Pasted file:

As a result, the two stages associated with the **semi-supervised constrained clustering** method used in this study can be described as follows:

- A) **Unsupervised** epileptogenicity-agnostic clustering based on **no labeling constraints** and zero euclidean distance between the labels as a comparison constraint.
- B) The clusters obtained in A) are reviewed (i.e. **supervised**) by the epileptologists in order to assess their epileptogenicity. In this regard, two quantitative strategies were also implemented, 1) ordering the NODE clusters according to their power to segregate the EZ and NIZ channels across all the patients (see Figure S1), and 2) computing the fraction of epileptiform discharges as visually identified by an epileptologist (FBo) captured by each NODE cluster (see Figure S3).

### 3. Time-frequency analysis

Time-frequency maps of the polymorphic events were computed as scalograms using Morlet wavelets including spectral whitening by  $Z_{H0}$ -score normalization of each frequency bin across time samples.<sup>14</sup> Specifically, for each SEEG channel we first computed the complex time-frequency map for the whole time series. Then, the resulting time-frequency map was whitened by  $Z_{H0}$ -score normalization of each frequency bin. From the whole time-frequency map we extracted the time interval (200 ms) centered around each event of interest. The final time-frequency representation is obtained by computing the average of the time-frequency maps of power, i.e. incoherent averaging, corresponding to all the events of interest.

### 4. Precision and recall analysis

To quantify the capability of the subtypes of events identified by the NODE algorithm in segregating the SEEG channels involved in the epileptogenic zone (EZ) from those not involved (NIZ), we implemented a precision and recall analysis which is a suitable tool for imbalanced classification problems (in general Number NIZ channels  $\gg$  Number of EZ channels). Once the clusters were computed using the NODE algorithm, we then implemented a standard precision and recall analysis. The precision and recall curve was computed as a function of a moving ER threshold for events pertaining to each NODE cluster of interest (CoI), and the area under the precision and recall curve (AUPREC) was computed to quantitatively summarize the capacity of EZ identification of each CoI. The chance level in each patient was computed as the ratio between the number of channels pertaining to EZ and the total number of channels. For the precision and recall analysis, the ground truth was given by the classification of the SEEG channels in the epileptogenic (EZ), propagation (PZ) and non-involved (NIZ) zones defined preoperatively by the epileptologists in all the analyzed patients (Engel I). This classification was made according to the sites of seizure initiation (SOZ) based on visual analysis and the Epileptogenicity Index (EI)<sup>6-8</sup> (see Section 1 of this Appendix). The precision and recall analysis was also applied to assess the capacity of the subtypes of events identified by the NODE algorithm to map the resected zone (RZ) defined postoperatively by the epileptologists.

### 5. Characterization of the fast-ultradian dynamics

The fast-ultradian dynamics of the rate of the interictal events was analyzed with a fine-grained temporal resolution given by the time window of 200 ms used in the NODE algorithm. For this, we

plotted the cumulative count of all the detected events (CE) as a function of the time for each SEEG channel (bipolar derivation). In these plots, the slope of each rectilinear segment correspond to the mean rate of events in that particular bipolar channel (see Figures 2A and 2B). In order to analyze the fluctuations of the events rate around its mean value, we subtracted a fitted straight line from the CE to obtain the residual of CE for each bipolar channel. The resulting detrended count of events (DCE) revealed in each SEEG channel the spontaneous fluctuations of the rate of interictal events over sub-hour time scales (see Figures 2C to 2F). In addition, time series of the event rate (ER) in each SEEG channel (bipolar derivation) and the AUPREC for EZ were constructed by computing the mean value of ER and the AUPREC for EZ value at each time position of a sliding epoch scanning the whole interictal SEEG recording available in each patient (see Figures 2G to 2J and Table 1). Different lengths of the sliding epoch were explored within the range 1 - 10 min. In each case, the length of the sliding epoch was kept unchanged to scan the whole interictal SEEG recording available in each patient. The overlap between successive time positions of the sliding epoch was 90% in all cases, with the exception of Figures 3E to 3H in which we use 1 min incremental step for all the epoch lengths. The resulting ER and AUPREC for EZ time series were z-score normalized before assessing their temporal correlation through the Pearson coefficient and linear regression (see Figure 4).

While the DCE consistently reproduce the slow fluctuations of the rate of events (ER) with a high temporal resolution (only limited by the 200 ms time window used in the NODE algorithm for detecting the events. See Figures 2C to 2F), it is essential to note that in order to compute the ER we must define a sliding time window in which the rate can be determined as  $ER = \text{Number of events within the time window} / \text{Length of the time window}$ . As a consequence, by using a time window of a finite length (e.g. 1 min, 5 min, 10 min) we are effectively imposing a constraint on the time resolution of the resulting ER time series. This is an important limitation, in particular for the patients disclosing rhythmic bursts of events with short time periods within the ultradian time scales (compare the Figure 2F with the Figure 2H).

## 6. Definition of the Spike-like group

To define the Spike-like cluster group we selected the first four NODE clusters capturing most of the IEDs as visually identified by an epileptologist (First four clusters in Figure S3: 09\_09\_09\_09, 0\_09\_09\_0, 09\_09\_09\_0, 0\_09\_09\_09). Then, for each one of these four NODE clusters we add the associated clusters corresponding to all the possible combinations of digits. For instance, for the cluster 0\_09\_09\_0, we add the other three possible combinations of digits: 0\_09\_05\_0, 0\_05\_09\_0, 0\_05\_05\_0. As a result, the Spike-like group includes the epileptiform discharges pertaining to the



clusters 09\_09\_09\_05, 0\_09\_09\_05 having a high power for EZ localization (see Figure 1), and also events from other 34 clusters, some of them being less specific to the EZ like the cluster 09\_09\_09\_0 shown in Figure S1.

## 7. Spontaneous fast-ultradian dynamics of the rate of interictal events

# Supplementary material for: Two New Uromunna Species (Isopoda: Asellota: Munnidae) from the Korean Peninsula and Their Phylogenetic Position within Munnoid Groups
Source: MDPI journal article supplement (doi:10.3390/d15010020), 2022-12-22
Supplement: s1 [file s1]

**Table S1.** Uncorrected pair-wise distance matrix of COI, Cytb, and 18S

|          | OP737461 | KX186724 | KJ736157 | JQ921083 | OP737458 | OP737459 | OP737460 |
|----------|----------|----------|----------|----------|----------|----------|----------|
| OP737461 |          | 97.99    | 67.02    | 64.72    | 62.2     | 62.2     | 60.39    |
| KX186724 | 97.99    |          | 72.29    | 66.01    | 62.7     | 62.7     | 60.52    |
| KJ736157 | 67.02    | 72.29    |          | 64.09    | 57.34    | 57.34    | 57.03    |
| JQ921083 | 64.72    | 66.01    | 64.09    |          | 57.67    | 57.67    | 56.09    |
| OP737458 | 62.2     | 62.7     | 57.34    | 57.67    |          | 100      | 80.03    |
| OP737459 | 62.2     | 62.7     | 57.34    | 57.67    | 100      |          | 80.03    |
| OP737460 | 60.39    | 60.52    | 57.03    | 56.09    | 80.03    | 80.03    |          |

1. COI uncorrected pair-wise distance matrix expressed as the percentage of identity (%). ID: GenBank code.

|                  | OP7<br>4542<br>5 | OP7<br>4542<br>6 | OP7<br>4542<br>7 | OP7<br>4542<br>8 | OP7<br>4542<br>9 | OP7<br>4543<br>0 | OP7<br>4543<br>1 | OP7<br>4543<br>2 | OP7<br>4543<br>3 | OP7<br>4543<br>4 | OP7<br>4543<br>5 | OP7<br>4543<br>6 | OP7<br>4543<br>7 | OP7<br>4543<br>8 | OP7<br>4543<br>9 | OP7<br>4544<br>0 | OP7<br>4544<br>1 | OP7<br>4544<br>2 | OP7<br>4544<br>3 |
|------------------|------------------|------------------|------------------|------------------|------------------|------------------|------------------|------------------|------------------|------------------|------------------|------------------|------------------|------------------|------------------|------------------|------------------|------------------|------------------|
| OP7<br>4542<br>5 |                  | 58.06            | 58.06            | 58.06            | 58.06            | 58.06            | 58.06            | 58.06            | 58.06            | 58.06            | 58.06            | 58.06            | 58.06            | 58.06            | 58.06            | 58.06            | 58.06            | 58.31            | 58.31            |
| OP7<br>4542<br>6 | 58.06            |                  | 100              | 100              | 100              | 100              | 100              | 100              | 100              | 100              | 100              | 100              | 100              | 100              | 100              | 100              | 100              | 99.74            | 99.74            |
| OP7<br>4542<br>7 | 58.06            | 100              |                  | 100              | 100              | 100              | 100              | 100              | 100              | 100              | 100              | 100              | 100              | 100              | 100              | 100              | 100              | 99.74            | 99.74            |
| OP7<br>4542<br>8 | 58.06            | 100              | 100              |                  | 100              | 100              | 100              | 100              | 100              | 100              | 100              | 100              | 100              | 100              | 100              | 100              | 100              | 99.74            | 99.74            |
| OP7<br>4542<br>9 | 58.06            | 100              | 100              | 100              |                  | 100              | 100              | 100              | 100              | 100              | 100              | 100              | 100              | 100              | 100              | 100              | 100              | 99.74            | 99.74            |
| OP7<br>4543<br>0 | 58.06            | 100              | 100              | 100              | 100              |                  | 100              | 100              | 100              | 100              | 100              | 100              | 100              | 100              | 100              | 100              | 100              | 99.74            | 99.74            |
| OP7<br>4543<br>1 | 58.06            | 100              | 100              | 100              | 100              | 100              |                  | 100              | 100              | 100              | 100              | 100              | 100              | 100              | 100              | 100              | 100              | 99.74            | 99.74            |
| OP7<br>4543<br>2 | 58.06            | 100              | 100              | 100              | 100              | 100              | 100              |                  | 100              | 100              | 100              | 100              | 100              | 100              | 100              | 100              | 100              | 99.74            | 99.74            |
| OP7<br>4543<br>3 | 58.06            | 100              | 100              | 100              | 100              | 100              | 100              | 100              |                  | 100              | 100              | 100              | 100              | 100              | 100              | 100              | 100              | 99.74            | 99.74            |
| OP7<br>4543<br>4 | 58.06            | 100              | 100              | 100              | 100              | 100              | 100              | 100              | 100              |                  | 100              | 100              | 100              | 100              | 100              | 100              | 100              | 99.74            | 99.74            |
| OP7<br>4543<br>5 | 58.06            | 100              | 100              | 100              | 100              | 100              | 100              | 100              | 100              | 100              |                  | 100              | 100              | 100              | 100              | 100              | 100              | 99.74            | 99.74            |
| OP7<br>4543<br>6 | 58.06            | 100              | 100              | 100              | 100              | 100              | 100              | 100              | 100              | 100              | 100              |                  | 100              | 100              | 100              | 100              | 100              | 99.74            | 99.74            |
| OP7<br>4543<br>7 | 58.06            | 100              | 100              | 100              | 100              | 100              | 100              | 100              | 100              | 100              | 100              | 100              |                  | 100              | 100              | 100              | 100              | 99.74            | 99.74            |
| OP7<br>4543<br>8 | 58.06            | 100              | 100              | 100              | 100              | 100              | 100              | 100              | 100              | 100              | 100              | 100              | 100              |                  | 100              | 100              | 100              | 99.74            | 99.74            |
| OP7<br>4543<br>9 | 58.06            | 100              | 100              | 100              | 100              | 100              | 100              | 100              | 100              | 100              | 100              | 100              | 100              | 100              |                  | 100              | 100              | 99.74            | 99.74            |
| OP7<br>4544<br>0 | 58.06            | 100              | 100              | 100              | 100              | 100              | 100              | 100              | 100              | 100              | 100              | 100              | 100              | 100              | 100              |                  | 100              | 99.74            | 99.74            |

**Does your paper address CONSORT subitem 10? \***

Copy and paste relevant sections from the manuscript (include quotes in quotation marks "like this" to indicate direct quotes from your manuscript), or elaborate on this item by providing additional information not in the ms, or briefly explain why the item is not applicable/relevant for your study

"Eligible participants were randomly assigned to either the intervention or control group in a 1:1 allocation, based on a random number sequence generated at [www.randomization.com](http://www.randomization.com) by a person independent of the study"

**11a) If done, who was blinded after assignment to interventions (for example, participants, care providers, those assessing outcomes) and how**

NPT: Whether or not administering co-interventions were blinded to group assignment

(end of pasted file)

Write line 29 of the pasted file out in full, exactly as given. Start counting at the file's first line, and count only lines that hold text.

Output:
1. COI uncorrected pair-wise distance matrix expressed as the percentage of identity (%). ID: GenBank code.